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Res Dev Disabil. 2014 Feb;35(2):250-60. doi: 10.1016/j.ridd.2013.11.001. Epub 2013 Nov 30.

Reduced integrity of sensorimotor projections traversing the posterior limb of the internal capsule in children with congenital hemiparesis.

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  • 1The University of Queensland, School of Medicine, Brisbane, Australia; Queensland Cerebral Palsy and Rehabilitation Research Centre, School of Medicine, The University of Queensland, Brisbane, Australia; The University of Queensland, Centre of Clinical Research, Brisbane, Australia. Electronic address: h.tsao@uq.edu.au.
  • 2The University of Queensland, School of Medicine, Brisbane, Australia; The University of Queensland, Centre of Clinical Research, Brisbane, Australia; ICT - Australian e-Health Research Centre, CSIRO, Brisbane, Australia.
  • 3Department of Developmental Neuroscience, IRCCS Stella Maris, Pisa, Italy; University of Pisa, Pisa, Italy.
  • 4Queensland Cerebral Palsy and Rehabilitation Research Centre, School of Medicine, The University of Queensland, Brisbane, Australia.
  • 5The University of Queensland, Centre of Clinical Research, Brisbane, Australia; ICT - Australian e-Health Research Centre, CSIRO, Brisbane, Australia.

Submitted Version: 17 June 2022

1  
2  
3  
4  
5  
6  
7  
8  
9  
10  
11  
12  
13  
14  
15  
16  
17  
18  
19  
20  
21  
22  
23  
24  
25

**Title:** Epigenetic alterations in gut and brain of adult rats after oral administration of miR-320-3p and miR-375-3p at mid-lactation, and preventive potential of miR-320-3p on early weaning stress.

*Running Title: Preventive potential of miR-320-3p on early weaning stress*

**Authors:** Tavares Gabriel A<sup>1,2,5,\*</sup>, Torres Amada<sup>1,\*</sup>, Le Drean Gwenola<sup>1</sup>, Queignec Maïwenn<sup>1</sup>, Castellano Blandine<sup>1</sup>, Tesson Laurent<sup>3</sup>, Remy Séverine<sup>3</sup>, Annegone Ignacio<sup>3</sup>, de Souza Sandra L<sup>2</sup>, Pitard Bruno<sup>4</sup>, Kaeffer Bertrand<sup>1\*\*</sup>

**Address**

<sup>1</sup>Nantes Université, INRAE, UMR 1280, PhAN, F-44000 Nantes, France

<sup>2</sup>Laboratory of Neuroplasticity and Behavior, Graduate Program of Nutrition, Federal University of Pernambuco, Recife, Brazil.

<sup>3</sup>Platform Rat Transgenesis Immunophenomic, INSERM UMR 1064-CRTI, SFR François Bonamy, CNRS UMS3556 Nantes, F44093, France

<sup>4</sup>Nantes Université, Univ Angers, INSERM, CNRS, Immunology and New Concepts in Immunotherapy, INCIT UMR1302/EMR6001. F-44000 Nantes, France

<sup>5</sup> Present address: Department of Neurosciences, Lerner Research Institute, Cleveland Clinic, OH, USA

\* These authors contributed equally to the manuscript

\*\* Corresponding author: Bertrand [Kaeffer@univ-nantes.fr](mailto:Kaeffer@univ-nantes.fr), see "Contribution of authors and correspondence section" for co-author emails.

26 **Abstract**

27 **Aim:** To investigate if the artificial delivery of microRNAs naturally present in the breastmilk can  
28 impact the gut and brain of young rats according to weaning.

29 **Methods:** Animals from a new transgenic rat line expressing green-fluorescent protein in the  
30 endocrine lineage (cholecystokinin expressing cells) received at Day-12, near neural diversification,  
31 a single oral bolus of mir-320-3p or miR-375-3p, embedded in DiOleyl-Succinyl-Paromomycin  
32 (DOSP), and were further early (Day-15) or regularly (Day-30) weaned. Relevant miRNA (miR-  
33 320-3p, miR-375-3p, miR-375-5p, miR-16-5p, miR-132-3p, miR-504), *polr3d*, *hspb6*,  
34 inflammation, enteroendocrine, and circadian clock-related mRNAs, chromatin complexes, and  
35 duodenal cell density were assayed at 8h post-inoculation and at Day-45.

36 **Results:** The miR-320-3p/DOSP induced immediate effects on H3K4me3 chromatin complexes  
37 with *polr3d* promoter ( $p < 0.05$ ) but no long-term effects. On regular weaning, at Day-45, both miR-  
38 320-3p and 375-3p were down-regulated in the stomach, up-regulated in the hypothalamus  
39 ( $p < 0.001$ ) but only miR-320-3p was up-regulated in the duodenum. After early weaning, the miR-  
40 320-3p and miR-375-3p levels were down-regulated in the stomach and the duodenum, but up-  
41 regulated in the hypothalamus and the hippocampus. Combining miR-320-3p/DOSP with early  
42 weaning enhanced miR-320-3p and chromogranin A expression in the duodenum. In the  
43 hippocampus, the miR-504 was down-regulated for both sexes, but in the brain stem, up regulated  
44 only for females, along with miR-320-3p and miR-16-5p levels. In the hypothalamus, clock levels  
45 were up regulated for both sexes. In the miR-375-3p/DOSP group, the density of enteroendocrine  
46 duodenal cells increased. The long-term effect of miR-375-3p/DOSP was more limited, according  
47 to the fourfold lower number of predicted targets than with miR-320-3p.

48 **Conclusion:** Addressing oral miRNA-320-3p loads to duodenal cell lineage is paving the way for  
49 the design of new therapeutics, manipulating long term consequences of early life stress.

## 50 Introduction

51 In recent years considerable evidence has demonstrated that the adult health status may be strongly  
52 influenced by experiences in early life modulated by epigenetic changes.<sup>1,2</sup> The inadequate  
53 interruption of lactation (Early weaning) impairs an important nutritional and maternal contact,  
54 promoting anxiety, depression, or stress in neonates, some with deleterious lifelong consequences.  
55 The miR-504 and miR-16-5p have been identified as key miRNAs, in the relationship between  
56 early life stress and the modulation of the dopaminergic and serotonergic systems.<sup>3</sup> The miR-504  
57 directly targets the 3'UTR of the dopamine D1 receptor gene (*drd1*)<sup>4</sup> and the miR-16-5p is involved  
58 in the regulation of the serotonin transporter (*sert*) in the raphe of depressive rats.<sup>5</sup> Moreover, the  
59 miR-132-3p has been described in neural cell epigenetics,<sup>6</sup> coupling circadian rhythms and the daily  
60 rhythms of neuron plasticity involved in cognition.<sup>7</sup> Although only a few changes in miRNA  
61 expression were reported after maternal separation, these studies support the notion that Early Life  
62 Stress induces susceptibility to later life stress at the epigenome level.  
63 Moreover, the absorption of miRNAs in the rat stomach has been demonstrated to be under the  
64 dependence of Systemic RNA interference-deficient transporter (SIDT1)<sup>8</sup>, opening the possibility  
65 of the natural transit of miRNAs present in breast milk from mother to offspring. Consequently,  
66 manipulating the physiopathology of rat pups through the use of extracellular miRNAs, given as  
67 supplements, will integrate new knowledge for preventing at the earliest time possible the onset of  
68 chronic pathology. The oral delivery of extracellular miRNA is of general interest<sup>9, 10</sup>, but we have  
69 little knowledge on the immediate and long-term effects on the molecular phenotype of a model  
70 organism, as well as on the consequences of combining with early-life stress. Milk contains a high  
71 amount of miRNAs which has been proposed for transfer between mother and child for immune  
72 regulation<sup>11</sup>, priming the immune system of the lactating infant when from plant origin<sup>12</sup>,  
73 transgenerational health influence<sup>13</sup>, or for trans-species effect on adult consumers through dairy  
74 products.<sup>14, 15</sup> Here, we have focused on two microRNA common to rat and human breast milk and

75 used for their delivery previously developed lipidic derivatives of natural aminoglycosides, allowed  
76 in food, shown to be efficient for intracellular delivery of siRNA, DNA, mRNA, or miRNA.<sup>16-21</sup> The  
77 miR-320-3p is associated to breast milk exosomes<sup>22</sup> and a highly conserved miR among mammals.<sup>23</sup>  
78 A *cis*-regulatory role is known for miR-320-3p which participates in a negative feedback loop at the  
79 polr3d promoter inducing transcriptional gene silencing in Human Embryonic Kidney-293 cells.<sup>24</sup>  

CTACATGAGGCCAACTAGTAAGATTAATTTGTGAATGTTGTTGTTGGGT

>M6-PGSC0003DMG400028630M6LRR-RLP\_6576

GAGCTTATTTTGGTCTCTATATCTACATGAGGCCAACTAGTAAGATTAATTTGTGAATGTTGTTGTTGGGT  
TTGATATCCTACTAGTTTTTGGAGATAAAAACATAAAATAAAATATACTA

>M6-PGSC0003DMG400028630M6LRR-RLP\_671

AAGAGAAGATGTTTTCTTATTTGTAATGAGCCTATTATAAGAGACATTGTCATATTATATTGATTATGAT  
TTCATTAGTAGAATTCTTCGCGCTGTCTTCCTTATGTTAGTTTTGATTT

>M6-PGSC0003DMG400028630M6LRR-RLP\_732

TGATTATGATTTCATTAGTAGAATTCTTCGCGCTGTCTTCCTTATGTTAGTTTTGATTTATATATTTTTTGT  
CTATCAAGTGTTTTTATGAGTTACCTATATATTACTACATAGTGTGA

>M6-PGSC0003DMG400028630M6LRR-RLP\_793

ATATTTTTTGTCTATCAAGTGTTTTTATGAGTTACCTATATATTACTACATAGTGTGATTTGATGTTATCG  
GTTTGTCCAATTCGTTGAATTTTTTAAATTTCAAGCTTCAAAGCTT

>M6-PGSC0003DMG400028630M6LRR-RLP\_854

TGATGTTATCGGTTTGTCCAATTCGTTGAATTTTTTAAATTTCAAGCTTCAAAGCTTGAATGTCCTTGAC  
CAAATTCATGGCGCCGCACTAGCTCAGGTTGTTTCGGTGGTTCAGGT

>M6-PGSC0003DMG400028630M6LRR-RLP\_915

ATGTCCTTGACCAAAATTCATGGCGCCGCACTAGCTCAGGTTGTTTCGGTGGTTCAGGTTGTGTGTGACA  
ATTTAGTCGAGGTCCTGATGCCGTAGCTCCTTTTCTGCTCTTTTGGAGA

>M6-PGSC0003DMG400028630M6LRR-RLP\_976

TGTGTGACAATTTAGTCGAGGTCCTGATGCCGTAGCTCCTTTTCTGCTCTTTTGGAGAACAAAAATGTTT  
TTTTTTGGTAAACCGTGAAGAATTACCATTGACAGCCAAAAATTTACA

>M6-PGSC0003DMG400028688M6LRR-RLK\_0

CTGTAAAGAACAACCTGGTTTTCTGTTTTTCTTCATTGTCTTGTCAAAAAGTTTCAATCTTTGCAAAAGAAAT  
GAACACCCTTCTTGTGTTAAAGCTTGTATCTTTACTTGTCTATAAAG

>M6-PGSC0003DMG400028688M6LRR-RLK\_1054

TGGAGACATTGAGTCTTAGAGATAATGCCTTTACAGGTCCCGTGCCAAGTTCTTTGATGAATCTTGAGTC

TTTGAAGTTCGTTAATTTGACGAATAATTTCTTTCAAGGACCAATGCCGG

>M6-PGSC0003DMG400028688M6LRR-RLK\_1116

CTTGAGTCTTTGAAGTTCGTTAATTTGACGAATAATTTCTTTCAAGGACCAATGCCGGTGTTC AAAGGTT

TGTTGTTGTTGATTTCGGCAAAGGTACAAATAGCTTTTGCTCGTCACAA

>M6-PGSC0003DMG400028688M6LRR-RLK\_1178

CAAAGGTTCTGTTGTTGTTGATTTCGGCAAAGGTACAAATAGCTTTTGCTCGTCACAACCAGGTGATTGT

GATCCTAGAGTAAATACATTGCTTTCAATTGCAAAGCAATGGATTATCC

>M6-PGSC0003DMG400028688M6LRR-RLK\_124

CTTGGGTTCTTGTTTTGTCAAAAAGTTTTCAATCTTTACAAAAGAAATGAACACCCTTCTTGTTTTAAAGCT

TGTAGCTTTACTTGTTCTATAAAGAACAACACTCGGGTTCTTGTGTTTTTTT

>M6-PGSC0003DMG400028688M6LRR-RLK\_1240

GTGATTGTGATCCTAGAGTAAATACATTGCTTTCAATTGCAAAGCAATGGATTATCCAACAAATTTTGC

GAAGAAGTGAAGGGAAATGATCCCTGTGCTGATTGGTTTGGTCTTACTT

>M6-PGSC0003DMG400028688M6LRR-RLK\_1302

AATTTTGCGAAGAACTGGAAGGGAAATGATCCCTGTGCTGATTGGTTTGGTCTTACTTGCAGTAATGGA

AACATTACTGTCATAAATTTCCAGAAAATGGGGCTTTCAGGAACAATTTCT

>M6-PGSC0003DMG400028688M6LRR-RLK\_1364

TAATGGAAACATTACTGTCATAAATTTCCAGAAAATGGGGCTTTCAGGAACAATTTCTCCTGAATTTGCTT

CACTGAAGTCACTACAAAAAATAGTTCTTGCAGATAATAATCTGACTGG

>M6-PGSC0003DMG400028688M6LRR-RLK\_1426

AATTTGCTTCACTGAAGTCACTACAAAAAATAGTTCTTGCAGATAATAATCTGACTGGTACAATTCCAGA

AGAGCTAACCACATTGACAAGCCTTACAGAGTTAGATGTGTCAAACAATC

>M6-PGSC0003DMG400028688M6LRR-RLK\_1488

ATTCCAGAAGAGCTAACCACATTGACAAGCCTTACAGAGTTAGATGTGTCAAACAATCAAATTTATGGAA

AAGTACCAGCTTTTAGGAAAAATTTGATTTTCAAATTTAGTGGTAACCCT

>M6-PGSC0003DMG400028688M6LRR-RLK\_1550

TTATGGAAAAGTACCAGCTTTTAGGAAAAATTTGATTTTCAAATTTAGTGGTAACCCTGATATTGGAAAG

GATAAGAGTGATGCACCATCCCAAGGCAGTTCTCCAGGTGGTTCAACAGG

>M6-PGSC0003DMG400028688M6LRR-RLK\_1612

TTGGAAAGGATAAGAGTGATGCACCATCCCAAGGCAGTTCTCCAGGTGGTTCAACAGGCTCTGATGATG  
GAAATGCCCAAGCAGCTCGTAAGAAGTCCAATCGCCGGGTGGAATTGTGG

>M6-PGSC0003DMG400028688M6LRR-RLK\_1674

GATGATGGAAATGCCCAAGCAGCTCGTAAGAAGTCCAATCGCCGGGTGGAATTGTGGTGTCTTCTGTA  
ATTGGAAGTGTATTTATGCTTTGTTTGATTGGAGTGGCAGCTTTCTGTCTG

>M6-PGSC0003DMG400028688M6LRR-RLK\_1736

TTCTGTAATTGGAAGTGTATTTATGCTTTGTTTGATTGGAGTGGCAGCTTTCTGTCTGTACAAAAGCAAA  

Abstract

There is reduced integrity of corticospinal projections that traverse the posterior limb of the internal capsule (PLIC) in children with unilateral cerebral palsy (CP). It remains unclear whether there are changes in integrity of other projections traversing the PLIC. Forty children with congenital hemiparesis and 15 typically developing children underwent structural and diffusion-weighted MRI. All children with congenital hemiparesis showed lesions to the periventricular white matter. Structural images were parcellated into 34 cortical regions per hemisphere and posterior limb of the internal capsule was identified. PLIC connections to each cortical region were extracted using probabilistic tractography. Differences between hemispheres for each cortical projection (asymmetry index (AI)) and tract microstructure (fractional anisotropy (FA), mean diffusivity (MD)) were assessed. The results showed that 17 children (42.5%) with congenital hemiparesis showed bilateral lesions on structural MRI. Projections to the primary motor cortex (precentral gyrus and paracentral lobule) showed greater asymmetry in unilateral CP group compared to typically developing children and indicate reduced projections on the hemisphere contralateral to the impaired limb (i.e., contralateral hemisphere). Reduced FA and increased MD were also observed for connections with the primary motor cortex, primary sensory cortex (postcentral gyrus) and precuneus on the contralateral hemisphere in children with congenital hemiparesis. Similar changes were observed between children with unilateral and bilateral lesions on structural MRI. Notably, microstructural changes were associated with deficits in both sensory and motor function. The findings further unravel the underlying neuroanatomical correlates of sensorimotor deficits in children with congenital hemiparesis.

KEYWORDS:

Cerebral palsy; Congenital hemiparesis; Diffusion-weighted MRI; Posterior limb of the internal capsule; Sensorimotor function

PMID:
24291822
DOI:
10.1016/j.ridd.2013.11.001
[PubMed - indexed for MEDLINE]
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